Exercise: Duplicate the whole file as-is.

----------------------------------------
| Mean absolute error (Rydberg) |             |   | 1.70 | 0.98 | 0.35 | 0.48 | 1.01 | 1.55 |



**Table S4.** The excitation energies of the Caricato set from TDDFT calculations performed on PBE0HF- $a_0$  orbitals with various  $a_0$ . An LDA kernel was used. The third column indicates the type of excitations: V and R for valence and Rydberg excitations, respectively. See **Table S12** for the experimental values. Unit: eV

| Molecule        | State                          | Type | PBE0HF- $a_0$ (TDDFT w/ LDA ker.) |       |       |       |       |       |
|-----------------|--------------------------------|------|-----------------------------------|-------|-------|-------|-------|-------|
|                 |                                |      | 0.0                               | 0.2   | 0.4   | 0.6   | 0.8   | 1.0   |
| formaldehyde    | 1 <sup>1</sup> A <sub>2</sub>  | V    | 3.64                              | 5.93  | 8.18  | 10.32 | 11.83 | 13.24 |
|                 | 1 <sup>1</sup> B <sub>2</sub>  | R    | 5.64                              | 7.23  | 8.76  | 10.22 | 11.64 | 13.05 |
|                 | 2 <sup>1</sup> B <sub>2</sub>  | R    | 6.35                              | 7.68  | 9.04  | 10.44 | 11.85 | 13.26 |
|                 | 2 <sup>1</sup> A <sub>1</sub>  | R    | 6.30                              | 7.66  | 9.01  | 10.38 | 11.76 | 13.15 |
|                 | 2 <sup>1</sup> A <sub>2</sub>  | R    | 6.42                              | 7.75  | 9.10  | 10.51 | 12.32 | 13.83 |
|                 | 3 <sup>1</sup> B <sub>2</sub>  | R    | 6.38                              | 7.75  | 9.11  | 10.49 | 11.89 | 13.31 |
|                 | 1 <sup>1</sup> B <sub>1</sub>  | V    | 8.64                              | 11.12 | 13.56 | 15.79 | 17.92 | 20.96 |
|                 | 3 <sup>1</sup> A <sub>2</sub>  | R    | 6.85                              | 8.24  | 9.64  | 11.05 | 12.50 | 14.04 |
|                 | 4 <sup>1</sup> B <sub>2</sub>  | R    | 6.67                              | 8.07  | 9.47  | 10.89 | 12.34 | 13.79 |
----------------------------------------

| Mean absolute error (Rydberg) |             |   | 1.70 | 0.98 | 0.35 | 0.48 | 1.01 | 1.55 |



**Table S4.** The excitation energies of the Caricato set from TDDFT calculations performed on PBE0HF- $a_0$  orbitals with various  $a_0$ . An LDA kernel was used. The third column indicates the type of excitations: V and R for valence and Rydberg excitations, respectively. See **Table S12** for the experimental values. Unit: eV

| Molecule        | State                          | Type | PBE0HF- $a_0$ (TDDFT w/ LDA ker.) |       |       |       |       |       |
|-----------------|--------------------------------|------|-----------------------------------|-------|-------|-------|-------|-------|
|                 |                                |      | 0.0                               | 0.2   | 0.4   | 0.6   | 0.8   | 1.0   |
| formaldehyde    | 1 <sup>1</sup> A <sub>2</sub>  | V    | 3.64                              | 5.93  | 8.18  | 10.32 | 11.83 | 13.24 |
|                 | 1 <sup>1</sup> B <sub>2</sub>  | R    | 5.64                              | 7.23  | 8.76  | 10.22 | 11.64 | 13.05 |
|                 | 2 <sup>1</sup> B <sub>2</sub>  | R    | 6.35                              | 7.68  | 9.04  | 10.44 | 11.85 | 13.26 |
|                 | 2 <sup>1</sup> A <sub>1</sub>  | R    | 6.30                              | 7.66  | 9.01  | 10.38 | 11.76 | 13.15 |
|                 | 2 <sup>1</sup> A <sub>2</sub>  | R    | 6.42                              | 7.75  | 9.10  | 10.51 | 12.32 | 13.83 |
|                 | 3 <sup>1</sup> B <sub>2</sub>  | R    | 6.38                              | 7.75  | 9.11  | 10.49 | 11.89 | 13.31 |
|                 | 1 <sup>1</sup> B <sub>1</sub>  | V    | 8.64                              | 11.12 | 13.56 | 15.79 | 17.92 | 20.96 |
|                 | 3 <sup>1</sup> A <sub>2</sub>  | R    | 6.85                              | 8.24  | 9.64  | 11.05 | 12.50 | 14.04 |
|                 | 4 <sup>1</sup> B <sub>2</sub>  | R    | 6.67                              | 8.07  | 9.47  | 10.89 | 12.34 | 13.79 |